Using the bitcoin cryptocurrency to buy goods and services online can lead to the currency's famed anonymity being overturned and user identity exposed, a team of researchers has warned.

It was found that cookies used by websites to track visitors around the internet make it possible for the anonymity treasured by bitcoin users to be stripped away, linking bitcoin wallets with the real-world identity of their owners.

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The researchers also found the use of privacy-protecting services like CoinJar, designed to add a further layer of anonymity to bitcoin transactions, does not stop customers from being identified by third-party web trackers used by online merchants.

The report, compiled by privacy researcher Dillon Reisman and Princeton University's Steven Goldfeder, Harry Kalodner and Arvind Narayanan, claims of 130 merchants that accept bitcoin, they found 53 leaked payment information to 40 different third parties, who could then link bitcoins with their owners. Most of these leaks came from the shopping basket pages of retail sites, and were done on purpose for advertising and analytical purposes.

bitcoin-anonymity-lost-through-web-cookies Web cookies can cut through bitcoin anonymity. Photo: Princeton University research paper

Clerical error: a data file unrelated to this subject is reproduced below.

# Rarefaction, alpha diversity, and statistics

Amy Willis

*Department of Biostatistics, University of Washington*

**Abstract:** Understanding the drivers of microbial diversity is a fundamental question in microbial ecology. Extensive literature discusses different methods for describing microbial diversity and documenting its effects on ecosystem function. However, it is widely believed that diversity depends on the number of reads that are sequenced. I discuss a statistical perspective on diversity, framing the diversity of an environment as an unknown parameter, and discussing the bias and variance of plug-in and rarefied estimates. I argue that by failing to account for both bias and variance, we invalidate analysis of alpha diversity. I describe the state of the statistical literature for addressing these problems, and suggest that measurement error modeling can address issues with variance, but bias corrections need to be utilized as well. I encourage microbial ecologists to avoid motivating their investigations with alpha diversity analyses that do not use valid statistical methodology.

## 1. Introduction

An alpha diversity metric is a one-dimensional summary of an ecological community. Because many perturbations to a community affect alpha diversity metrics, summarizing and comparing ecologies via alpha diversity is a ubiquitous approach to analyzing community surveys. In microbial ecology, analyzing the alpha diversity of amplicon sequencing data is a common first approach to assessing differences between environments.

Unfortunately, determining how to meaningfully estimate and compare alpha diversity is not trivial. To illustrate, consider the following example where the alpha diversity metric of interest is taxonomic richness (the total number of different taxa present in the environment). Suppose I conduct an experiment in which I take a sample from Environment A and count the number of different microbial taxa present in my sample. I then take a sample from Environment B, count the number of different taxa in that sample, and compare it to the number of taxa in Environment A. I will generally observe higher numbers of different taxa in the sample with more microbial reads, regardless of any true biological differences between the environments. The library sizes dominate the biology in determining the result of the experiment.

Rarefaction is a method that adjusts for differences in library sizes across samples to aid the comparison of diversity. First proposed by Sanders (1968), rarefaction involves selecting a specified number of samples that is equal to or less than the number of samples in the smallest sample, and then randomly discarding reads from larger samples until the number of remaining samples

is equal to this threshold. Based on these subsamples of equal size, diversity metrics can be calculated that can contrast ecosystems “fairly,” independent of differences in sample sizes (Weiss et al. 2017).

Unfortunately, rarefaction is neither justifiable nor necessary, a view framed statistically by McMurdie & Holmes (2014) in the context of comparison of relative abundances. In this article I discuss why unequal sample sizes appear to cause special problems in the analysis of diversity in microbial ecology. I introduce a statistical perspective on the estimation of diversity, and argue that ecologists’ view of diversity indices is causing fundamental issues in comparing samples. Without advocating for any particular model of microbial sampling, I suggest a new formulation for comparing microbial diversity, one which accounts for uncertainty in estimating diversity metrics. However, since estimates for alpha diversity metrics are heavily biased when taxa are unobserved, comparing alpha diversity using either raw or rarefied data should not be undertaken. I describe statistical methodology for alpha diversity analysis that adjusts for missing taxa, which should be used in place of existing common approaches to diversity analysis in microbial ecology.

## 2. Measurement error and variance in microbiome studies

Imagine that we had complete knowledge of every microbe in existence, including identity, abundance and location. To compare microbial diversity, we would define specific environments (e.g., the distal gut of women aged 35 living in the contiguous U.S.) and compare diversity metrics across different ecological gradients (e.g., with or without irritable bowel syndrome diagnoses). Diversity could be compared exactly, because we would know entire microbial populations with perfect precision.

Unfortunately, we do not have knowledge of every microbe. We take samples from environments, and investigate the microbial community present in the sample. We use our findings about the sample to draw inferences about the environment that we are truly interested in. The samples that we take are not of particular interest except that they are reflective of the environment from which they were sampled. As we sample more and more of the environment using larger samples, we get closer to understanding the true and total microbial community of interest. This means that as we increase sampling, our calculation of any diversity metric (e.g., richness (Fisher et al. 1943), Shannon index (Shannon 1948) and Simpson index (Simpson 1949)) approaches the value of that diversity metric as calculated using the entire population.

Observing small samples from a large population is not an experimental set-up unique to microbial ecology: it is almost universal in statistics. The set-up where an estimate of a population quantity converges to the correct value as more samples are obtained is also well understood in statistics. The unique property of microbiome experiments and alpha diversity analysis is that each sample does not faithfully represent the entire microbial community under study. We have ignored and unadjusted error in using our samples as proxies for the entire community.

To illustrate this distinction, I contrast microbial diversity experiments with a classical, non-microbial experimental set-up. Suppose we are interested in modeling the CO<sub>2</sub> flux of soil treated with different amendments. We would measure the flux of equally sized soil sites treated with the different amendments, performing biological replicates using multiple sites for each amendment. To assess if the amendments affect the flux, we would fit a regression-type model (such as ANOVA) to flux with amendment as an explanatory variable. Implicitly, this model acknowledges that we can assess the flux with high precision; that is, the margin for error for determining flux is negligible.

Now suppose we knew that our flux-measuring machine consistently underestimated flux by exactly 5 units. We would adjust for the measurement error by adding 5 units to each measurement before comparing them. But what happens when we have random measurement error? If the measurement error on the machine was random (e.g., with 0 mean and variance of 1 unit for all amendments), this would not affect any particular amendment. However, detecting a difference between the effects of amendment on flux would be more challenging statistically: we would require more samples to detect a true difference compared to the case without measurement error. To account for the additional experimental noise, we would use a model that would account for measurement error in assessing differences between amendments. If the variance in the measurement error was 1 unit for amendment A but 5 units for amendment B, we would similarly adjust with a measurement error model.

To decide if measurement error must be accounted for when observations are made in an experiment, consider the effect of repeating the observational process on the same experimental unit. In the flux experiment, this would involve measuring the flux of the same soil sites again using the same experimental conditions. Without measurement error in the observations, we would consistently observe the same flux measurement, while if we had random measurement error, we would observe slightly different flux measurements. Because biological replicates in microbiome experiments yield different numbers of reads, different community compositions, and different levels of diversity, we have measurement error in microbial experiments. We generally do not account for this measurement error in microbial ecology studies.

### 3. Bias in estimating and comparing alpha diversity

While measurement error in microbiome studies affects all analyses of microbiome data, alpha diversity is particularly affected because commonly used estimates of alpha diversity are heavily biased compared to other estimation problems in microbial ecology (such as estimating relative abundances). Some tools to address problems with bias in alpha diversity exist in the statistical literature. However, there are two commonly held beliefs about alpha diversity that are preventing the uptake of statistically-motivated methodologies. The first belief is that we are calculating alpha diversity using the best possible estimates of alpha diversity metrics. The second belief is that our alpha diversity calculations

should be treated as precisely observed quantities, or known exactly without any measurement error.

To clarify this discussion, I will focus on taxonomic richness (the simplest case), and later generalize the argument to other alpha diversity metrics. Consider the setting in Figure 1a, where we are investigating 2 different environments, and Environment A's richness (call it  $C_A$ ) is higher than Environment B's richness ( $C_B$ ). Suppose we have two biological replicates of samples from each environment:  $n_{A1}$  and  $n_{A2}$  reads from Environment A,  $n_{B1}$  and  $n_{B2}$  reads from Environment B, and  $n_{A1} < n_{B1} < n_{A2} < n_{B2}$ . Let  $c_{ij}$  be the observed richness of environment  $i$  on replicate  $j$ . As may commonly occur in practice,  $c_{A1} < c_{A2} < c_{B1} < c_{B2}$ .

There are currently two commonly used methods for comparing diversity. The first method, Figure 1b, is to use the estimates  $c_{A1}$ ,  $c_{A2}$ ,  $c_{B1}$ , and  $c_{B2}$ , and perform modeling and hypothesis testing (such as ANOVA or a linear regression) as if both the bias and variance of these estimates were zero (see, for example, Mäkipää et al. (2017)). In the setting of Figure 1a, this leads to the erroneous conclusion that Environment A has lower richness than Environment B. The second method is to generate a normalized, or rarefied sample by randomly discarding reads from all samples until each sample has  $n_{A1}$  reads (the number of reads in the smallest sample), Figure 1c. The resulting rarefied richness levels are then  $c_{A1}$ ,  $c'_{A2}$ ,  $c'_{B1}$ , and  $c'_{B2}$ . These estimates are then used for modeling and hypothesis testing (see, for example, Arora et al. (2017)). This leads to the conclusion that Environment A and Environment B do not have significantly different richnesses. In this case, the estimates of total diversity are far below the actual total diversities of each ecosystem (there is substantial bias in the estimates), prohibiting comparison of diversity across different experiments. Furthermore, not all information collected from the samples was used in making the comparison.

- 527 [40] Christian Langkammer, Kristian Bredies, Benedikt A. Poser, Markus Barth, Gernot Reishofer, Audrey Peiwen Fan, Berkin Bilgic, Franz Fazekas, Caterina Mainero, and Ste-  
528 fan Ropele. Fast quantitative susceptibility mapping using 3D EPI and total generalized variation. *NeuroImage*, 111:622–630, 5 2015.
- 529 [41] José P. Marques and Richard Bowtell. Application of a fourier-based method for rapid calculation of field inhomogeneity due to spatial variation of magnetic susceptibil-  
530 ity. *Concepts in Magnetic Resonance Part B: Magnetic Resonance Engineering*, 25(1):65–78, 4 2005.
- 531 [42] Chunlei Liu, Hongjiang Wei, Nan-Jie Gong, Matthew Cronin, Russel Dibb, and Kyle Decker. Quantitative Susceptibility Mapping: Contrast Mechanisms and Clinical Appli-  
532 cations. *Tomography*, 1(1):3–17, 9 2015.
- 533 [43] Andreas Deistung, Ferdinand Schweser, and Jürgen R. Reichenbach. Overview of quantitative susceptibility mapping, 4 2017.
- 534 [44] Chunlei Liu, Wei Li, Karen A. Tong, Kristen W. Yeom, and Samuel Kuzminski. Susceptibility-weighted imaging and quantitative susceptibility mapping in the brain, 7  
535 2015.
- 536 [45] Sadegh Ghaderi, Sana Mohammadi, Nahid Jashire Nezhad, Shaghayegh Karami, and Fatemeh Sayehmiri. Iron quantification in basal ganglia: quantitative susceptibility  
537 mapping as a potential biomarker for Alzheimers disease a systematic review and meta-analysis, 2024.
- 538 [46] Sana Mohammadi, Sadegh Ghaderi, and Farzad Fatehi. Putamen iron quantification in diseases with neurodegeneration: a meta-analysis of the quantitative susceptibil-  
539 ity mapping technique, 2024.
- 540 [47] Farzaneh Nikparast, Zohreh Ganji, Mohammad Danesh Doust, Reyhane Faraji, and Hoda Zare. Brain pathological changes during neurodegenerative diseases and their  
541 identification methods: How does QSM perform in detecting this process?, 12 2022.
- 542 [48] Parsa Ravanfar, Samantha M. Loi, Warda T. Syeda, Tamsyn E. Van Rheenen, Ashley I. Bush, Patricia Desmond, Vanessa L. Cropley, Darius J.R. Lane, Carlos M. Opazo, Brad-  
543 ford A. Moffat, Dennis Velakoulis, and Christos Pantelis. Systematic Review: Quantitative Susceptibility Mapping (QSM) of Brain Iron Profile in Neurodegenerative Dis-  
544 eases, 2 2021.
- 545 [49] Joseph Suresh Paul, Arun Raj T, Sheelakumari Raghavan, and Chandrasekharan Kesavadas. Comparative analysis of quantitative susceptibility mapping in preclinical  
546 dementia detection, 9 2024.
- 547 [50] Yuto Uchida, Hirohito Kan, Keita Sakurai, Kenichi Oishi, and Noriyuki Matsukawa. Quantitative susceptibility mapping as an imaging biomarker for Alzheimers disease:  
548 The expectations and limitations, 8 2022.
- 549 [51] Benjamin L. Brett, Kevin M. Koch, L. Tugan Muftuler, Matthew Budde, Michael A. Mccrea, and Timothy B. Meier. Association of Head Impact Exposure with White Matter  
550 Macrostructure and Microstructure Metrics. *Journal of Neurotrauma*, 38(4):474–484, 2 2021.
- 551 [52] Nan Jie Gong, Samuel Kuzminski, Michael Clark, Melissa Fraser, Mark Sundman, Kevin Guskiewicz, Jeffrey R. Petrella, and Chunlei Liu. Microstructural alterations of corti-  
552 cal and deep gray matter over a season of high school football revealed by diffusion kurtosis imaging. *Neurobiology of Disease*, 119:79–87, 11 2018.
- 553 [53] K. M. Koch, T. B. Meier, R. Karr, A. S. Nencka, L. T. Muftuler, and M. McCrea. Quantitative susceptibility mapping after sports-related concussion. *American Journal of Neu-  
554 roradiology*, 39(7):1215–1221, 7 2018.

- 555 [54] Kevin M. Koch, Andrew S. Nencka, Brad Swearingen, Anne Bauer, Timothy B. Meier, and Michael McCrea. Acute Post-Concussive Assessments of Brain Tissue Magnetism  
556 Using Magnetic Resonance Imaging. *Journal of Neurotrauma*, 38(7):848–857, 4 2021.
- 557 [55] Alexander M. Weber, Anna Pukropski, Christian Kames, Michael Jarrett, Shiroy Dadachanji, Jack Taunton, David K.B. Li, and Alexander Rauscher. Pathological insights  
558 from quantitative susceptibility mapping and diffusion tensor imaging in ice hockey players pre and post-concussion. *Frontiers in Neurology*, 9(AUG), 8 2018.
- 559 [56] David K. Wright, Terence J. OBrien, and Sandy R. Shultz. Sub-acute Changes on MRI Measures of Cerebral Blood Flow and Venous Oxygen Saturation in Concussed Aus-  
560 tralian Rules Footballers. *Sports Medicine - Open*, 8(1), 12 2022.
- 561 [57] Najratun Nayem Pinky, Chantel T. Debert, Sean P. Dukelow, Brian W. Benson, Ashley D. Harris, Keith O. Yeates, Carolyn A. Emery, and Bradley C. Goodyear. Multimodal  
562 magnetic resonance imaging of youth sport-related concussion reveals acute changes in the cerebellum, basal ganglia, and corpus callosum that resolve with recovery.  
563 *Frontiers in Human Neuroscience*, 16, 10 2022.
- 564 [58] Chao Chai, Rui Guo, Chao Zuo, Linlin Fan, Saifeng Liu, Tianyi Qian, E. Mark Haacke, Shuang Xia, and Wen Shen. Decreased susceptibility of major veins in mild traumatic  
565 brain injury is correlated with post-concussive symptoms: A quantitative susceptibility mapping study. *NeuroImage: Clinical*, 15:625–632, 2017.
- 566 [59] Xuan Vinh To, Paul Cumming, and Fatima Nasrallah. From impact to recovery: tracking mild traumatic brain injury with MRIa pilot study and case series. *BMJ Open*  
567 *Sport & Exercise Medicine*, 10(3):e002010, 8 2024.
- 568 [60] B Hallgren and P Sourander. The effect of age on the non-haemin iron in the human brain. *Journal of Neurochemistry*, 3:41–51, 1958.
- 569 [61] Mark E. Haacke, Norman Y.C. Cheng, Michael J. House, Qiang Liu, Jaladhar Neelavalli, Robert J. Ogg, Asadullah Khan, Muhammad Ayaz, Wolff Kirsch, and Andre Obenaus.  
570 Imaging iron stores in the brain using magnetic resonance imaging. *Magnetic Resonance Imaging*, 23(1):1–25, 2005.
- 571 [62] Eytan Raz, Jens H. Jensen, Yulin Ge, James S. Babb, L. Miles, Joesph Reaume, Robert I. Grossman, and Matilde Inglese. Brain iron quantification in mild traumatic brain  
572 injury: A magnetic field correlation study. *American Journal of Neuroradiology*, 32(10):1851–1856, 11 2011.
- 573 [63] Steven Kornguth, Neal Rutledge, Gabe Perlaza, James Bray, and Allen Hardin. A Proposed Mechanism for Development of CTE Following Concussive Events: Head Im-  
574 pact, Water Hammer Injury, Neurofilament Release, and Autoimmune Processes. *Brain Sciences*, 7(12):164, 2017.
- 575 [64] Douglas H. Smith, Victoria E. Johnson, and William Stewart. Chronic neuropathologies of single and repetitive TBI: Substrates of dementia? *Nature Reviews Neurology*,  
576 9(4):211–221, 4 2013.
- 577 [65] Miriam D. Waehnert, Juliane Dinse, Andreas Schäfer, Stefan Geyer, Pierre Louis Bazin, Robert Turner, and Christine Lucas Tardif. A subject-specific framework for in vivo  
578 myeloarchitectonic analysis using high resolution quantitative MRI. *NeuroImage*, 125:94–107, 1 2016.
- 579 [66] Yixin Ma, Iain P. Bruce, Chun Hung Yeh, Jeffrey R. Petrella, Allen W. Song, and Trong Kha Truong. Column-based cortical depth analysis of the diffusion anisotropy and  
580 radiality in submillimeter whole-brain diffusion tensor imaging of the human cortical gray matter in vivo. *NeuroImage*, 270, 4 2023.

Worse than these deliberate leaks, the researchers say, were the "many merchant websites [with] far more serious (and likely unintentional) information leaks that directly reveal the exact transaction on the blockchain to dozens of trackers." Linking a blockchain transaction with the once-anonymous owner of the bitcoins is then trivial.

Even if customers used software to protect them from being tracked, the researchers claim many sites still helped themselves to personal information, which could in turn lead to bitcoins being linked to their owners.

The researchers explained: "We show that, if the user pays using cryptocurrency, trackers typically possess enough information about the purchase to uniquely identify the transaction on the blockchain, link it to the user's cookie, and further to the user's real identity."

Worse still, they found that if a tracker is able to spot two purchases made by the same user and link them to the blockchain, a public record of all (anonymised) bitcoin transactions, the tracker data can be used to identify a person's entire bitcoin transaction history.

Lastly, the researchers warn how this identification technique is passive and "can be retroactively applied to past purchases."

There isn't a great deal consumers can do to fully protect themselves from such attacks, the report says, as "most of the privacy-breaching data flows we identify are intentional and not accidental."